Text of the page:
Dear Oxygen readers,
The Core Team wishes one and all a blessed, peaceful and joyous Christmas filled with God’s graces and love. May He continue to light out paths and guide us on our journeys as we come to know Him more.
Christmas Day — Vigil Mass
“…that one is coming after me and I am not fit to undo the sandal.”
Somewhere in Bethlehem, it was a serene, quiet, star-filled night. In a stable at the side of an inn, adjoining open pastureland, a handful of barn animals and a couple of camels were nonchalantly sleeping or chewing cud, a little bothered initially by the disturbance but subsequently oblivious and indifferent to the little human infant sleeping beside them. A handful of shepherds gazing in wonder and amazement at the same sleeping infant. Three kingly figures bow low in silent adoration, fully aware that they bow before divine majesty. Mary and Joseph, tired new parents, silent also, scarcely able to comprehend everything that was happening around them, happy just to have respite and rest and baby Jesus safely in their arms. All was silent, all was peaceful, all was bright on this holy night.
Parallel this to the night at Gethsemane. Anything but a holy and silent night. Rather, a night where terror filled the air and in the heart of Jesus and in droplets of blood and sweat falling on the ground. A bunch of grown men fussing about Jesus, quarrelsome amongst themselves. Unthinkable. Scandal and lamentation about Jesus’ revelation of his impending betrayal. “Not I Rabbi, surely?”. Soldiers with knives and clubs dragging and accosting Jesus. Violence and screams of pain as blood is spilt when an ear is cut off. The clink of silver pieces tossed about and falling to the ground. Vehement denials – “I swear I do not know this man!”.
The night before Easter morn was a silent night too. But a very different one. Silence born not of peace and holiness but of sorrow, despair, hopelessness. The night was dark to hide the shame and terror. Shame hiding the cowardice and betrayal by the apostles. Darkness hiding the terror from the lurid violence of a death so bloody and merciless and excruciating, which could happen to them at any time too. The Messiah was dead. His was an inglorious death given to the lowliest of slaves. His persecutors were laughing all the way to the synagogue for their celebratory party. “Good riddance to bad rubbish” — that was probably the toast made by the Sanhedrin as they celebrated their victory over the pathetic attempt by an upstart carpenter ‘king’ to establish his new ‘kingdom’. “The Son of my God, my a–!” Such insolence. Such audacity. Such lunacy.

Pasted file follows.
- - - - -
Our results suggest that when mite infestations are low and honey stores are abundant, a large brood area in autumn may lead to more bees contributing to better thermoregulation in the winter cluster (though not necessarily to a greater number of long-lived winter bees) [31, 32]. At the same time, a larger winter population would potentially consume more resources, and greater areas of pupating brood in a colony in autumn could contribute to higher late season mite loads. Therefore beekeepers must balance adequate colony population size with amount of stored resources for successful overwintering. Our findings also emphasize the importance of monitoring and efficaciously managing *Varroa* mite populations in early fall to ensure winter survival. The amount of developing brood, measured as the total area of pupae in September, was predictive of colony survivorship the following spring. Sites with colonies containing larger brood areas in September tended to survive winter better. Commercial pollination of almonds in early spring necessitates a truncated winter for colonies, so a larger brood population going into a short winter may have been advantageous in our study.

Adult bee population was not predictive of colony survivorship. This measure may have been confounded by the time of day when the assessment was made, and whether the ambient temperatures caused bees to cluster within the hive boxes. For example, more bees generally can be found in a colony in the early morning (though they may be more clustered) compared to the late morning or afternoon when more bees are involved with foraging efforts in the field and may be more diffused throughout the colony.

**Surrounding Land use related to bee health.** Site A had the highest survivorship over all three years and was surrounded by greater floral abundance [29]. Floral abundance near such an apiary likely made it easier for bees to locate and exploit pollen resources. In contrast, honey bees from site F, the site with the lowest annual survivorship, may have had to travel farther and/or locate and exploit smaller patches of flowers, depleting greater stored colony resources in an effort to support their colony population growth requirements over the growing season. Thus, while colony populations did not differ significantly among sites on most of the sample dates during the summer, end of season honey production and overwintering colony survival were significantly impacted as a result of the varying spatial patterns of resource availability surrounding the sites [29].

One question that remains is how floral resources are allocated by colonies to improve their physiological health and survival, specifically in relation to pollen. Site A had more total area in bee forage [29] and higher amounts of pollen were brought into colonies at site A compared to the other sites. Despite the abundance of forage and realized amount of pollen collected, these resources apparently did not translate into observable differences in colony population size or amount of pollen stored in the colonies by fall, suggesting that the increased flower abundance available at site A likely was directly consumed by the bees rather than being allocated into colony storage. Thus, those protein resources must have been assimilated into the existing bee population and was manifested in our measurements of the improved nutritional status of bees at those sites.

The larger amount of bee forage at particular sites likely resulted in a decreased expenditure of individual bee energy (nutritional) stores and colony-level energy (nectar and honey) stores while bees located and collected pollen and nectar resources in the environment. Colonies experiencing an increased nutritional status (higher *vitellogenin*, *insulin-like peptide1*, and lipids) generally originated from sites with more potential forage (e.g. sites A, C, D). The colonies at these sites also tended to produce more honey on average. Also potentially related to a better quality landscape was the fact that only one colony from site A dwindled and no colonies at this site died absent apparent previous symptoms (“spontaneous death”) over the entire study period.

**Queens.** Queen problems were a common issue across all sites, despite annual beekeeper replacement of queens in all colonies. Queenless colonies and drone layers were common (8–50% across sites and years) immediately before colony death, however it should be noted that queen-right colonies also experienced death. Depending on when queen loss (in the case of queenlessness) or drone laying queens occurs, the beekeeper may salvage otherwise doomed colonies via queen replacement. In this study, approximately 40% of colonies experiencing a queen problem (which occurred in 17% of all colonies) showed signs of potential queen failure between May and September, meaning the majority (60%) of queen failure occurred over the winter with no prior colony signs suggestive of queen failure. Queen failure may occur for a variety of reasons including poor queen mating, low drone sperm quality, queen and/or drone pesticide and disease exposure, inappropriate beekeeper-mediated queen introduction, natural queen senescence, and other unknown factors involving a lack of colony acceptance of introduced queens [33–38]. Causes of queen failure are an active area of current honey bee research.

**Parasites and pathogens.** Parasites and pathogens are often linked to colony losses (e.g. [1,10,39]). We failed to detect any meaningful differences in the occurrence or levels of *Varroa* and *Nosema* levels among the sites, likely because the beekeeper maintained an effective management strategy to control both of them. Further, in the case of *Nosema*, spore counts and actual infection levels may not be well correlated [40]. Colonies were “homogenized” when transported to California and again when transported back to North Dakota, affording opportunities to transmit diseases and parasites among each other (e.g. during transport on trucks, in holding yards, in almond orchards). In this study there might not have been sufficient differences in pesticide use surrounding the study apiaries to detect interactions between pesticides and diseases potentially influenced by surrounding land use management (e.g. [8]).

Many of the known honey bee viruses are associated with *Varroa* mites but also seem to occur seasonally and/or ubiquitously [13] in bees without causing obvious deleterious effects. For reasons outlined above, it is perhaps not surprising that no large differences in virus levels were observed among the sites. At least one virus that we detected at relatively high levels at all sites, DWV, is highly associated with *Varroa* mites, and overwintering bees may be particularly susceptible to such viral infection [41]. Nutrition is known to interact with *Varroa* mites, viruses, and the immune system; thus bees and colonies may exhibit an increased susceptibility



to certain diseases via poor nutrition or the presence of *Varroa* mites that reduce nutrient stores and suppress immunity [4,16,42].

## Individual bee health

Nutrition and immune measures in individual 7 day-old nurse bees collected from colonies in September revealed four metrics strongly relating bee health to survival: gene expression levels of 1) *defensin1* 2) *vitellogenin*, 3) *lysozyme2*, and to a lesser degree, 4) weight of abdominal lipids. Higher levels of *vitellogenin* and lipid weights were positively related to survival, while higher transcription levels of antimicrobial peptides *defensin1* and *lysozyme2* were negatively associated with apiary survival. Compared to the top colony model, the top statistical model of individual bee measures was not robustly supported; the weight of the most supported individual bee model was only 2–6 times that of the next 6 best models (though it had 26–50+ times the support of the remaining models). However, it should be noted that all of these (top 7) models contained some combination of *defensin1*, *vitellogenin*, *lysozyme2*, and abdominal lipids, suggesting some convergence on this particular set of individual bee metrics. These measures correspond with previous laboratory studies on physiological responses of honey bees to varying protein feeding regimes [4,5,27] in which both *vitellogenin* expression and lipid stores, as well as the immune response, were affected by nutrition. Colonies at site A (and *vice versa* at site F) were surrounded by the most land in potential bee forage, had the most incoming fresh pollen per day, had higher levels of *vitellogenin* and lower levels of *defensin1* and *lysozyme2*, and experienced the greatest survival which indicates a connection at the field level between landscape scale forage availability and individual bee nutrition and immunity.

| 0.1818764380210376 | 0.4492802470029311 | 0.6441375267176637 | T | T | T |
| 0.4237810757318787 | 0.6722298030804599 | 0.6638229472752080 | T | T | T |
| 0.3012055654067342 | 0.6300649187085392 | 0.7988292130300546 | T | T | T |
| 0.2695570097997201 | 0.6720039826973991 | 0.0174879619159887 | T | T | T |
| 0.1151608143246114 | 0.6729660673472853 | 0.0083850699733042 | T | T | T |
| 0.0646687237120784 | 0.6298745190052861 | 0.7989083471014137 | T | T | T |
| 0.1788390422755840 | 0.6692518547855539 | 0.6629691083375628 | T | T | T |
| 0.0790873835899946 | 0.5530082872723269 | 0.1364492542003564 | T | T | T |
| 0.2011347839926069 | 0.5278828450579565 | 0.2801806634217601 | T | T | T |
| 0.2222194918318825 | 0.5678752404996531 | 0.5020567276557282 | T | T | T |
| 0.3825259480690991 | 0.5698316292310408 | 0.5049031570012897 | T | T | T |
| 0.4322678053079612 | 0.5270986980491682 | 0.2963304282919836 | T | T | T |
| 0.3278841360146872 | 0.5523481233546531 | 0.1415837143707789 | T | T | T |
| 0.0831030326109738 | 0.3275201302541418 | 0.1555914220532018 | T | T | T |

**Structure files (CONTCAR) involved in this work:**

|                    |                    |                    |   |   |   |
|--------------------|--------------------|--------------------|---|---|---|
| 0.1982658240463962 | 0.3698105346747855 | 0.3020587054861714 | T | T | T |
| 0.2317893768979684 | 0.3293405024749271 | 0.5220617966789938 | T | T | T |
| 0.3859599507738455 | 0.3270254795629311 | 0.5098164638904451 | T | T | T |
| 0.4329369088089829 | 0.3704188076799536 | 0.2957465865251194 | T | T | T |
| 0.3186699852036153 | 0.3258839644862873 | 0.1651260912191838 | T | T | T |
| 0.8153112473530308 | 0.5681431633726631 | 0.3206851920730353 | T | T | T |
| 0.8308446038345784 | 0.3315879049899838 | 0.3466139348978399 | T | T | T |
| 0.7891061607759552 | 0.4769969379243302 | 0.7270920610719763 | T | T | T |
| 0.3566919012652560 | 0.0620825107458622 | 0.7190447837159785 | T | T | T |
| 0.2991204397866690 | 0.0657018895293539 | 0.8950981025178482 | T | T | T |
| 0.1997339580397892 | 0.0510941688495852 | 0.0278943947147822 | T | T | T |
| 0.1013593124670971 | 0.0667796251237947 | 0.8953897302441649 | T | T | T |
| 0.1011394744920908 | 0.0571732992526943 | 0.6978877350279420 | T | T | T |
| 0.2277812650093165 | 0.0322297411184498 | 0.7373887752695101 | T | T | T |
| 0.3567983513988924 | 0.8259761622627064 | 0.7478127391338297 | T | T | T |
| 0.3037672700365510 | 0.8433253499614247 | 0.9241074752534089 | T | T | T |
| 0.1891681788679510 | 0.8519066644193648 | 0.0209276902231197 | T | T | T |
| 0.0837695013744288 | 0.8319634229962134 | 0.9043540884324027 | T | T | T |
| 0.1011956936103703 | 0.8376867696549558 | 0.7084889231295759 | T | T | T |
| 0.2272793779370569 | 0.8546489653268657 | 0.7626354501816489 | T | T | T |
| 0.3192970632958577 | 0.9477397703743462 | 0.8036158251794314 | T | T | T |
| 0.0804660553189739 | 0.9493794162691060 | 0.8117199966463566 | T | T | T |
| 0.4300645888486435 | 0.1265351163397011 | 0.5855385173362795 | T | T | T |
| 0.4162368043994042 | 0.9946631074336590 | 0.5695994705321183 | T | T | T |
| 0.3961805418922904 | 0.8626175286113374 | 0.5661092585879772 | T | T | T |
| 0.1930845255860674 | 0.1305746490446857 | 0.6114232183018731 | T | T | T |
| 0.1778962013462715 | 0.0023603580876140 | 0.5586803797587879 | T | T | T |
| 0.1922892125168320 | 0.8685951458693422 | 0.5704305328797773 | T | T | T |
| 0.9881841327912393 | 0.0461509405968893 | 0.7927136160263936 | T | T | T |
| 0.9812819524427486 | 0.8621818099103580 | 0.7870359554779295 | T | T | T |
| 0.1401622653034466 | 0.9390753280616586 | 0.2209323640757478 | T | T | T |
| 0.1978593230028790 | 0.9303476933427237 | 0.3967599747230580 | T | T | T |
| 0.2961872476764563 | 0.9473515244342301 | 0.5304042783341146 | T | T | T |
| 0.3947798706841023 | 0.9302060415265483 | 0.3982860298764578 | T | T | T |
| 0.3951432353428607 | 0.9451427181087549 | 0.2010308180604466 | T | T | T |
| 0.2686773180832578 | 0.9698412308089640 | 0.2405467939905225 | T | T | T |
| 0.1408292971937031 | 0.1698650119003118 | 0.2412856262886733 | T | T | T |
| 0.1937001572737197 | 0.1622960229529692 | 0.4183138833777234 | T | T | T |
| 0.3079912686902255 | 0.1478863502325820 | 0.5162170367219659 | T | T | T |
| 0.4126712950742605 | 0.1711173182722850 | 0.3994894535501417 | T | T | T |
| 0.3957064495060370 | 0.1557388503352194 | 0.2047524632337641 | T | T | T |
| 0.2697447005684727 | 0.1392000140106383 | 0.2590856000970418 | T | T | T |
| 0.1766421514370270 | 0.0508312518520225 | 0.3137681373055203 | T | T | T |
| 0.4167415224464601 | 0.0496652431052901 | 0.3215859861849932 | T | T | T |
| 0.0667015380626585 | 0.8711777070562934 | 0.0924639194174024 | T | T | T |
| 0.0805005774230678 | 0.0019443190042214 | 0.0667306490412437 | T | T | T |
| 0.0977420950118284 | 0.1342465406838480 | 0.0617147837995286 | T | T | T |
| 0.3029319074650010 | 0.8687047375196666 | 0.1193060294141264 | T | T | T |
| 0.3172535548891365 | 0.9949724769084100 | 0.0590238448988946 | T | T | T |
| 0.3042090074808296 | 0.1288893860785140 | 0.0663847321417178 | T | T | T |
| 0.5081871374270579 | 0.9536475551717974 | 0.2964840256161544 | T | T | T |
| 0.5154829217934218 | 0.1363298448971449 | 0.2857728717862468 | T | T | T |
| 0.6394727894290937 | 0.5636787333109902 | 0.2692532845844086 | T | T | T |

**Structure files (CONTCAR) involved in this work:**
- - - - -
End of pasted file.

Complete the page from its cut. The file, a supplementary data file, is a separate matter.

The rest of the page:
Christmas morning is the day our Saviour was born into our human world. And whilst the external conditions may seem peaceful and serene, and indeed they were, it belies the truth that Jesus was born for one purpose alone – to die. Violently. For us. To save us. That was the Father’s will.
And whilst the external conditions of Gethsemane and the pre-dawn hours of the Saturday night before Easter morn were quite the opposite to Bethlehem, it belies the truth that we were in fact, at the cusp of our eternal salvation. Despite the violence that preceded the Crucifixion, we were in fact, entering our eternal ‘Christmas’. The words of the Exultet sums this up:
The sanctifying power of this night
dispels wickedness, washes faults away,
restores innocence to the fallen, and joy to mourners,
drives out hatred, fosters concord, and brings down the mighty.
Life is a cycle of seasons. Faith, too, is a cycle of seasons. Christmas will lead to Lent and Lent to Easter. Only with the birth of Jesus will we have a saviour who will one day carry the cross of our wounds, our sins, our brokenness, our hopelessness, our shame, our despair. A saviour who will lead us to the Crucifixion – our own Crucifixion. And when that day comes, will the occasion of our Resurrection be possible. And with Resurrection will come our rebirth – into new life – into eternal life. In the Resurrection of Jesus will we experience our own spiritual re-birth. Our own birth at the Bethlehem of our lives. A birth into an eternity of peace, love, hope, light, joy, wholeness, oneness with God. Eternally. When that day comes, Christmas has finally and truly…arrived.
In the quiet of this holy night, our Salvation, has been born.
(Today’s OXYGEN by Justus Teo)
Prayer: Father, help us to look beyond the surface of this world and the superficiality of our faith, so as to allow the true light of the birth of your Son as the one who will journey with us and show us the way to our Resurrection and rebirth into eternal life.
Thanksgiving: Father, thank you for this time of great rejoicing as we open with gratitude and joy in our hearts, the precious gift of your Son to us. Thank you for the birth of your Son, for the gift of our Resurrection.
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